Matters of perspective
By Shea Howell
Special to the Michigan Citizen
We have now had one year of emergency management. Little has been achieved by Kevyn Orr. But the contours of the kind of city Mr. Orr, Gov. (Rick) Snyder and the corporate elite envision are emerging. They are advocating choices that will make Detroit a whiter, wealthier city, where a few people will live comfortably in a small downtown. Most of us will live in neighborhoods abandoned by services, except for a growing police force designed to keep us in our place.
Bankruptcy judge Steven Rhodes marked the anniversary announcing he will seek expert witnesses to assess the feasibility of Orr’s restructuring plan.
Judge Rhodes indicated he was looking for impartial expertise in municipal finance and administration who have a “demonstrable interest in and concern for” Detroit’s future. He said he was interested in experts with no conflict of interest. That cannot be said of Orr.
The judge’s desire for objective expertise is an indictment of Orr and Jones Day. It reflects how shoddily they have represented the city. Over the course of this year, they have proved themselves incapable of understanding the dynamics of the city, of representing its people or of advocating on behalf of the most vulnerable. In fact, they can’t even meet simple obligations like giving the judge signed statements to approve, proofreading their documents detailing how much they plan to cut from pensions, or providing accessible information to retirees and the citizens of the city.
But it also reflects a mistaken belief on the part of Judge Rhodes that this is an objective financial crisis. It is not. The economic challenges facing Detroit are more than numbers on a balance sheet. They are the product of long-standing historical and political forces. They are also the product of unintended consequences and of deliberate choices to strangle the progressive political power base of the city and to strip it of its resources.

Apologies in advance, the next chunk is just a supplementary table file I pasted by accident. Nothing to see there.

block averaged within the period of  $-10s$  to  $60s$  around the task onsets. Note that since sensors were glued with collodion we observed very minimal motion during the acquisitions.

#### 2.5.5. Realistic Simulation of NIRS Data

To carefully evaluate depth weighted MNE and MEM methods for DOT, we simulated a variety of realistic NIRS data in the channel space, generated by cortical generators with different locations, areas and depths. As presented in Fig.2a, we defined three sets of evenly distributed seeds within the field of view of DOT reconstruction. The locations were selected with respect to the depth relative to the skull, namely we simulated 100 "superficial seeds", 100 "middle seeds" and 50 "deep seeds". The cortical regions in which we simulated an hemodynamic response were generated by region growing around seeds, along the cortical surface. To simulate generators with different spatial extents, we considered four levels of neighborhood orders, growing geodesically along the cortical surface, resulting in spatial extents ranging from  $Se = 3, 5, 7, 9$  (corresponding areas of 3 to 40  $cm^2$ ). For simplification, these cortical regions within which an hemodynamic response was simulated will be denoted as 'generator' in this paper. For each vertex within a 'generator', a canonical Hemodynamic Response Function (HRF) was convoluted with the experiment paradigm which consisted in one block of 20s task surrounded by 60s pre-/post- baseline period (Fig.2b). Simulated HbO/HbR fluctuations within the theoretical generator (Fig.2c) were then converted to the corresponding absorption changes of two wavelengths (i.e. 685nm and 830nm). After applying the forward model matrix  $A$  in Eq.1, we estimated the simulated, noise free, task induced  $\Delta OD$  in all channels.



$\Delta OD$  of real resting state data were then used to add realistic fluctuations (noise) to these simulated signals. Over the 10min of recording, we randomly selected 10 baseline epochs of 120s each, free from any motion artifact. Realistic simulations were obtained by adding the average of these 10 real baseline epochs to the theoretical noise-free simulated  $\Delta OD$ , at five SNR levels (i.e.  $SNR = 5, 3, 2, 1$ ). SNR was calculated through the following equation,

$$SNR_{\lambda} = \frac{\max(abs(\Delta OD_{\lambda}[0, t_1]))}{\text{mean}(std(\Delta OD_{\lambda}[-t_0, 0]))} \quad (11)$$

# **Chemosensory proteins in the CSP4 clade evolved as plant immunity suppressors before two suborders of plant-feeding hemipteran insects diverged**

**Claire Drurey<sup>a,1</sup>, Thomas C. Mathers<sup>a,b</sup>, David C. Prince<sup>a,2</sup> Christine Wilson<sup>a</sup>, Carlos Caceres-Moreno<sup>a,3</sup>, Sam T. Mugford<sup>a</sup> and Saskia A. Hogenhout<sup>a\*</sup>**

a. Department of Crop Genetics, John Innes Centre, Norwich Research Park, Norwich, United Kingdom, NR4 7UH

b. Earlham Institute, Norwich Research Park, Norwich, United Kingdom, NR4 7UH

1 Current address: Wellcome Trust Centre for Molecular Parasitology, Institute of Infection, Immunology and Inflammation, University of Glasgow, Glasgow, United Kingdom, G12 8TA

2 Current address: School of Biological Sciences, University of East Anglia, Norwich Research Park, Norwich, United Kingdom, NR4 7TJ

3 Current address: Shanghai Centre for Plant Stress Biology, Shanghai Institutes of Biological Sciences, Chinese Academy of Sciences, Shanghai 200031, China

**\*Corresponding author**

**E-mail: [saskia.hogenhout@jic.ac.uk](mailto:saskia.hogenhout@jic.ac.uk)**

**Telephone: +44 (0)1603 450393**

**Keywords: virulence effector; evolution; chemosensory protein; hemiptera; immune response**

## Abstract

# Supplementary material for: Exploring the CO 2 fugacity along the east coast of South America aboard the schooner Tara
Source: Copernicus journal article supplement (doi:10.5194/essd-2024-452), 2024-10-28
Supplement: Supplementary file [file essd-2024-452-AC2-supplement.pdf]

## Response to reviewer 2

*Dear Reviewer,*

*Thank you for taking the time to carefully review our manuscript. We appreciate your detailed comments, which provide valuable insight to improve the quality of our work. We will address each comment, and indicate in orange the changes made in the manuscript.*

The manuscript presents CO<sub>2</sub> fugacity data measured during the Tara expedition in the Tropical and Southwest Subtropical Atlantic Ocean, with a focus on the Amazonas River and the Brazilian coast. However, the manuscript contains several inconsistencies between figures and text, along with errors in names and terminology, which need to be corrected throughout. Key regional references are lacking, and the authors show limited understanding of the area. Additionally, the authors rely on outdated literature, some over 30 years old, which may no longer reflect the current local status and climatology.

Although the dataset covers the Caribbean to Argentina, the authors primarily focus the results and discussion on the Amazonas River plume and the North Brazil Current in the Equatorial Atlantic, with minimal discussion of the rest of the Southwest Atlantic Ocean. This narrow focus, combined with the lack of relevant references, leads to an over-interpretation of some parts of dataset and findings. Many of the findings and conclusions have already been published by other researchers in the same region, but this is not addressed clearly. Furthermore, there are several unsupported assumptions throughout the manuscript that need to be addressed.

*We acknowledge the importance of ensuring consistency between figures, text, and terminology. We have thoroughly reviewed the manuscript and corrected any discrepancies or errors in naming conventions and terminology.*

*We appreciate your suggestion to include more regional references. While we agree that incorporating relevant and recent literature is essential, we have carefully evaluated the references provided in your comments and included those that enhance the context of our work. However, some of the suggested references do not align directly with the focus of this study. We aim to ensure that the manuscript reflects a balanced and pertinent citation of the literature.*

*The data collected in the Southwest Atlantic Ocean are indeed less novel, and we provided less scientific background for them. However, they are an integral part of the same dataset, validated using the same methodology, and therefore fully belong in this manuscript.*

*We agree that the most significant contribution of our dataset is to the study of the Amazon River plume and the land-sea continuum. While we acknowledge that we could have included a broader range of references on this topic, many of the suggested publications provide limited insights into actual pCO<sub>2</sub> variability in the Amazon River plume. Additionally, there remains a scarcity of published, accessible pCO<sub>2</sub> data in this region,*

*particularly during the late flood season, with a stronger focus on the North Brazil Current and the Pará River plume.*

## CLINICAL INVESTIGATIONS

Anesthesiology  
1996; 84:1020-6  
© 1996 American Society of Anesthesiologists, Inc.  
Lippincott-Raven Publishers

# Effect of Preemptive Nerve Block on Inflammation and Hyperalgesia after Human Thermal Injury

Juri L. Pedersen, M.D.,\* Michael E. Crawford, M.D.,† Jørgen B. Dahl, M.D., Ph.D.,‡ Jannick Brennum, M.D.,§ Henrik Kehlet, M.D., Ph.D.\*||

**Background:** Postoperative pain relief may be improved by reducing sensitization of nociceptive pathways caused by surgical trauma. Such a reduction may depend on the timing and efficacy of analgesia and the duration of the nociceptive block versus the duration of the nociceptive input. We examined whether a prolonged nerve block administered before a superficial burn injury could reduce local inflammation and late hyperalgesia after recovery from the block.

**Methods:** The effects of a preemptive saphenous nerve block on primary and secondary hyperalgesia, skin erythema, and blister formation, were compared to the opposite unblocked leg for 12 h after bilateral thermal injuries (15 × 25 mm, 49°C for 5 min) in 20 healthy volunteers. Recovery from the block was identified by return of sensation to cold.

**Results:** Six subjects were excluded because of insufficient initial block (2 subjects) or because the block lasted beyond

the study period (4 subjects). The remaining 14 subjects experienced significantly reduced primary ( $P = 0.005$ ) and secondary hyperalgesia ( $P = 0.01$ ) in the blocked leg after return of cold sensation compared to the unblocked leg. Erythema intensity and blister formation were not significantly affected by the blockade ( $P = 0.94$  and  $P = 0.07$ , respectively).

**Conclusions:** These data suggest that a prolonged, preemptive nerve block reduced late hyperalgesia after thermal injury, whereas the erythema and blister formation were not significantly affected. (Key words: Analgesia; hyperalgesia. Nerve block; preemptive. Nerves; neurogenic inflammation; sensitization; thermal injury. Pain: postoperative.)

How we assess the causes of this crisis, its dimensions, its responsibilities and its solutions depends not on an objective balance sheet, but on the values we bring to understanding the past. It also depends on the visions we have for the future of our city.
It is more than a matter of perspective. It is a matter of whose perspective is valued. Here are some areas that reflect the differing perspectives and divergent values that are central in assessing this year with EM Orr:
– The emergency manger gave Belle Isle to the state to save $6 million a year. Then he gave up $7 million from the concession and related incomes from the Red Wings.
– The emergency manager maintains control of the police force and disbands the Police Commission, the single most important civilian avenue for accountability.
– The emergency manager allows “aggressive” water shut-offs for six-month-old bills, but cannot “enforce» claims of $50 to $80 million owed to the city over two decades by the Red Wings for a longstanding TV revenue deal.
– The emergency manager offers to sell our water to private corporations rather than protecting it as a basic human right.
– The emergency manager cuts pensions for elders and offers tax breaks to billionaire developers.
These are not objective issues. They are not neutral contrasts. They reflect choices among competing values. One year into emergency management the values behind the choices made by Kevyn Orr are to protect the wealthy and to privatize the commons. These values will not restore a city that is sustainable. They are the antithesis of the Beloved Community Dr. King helped us imagine nearly 50 years ago this week when he challenged us to create a radical revolution in values.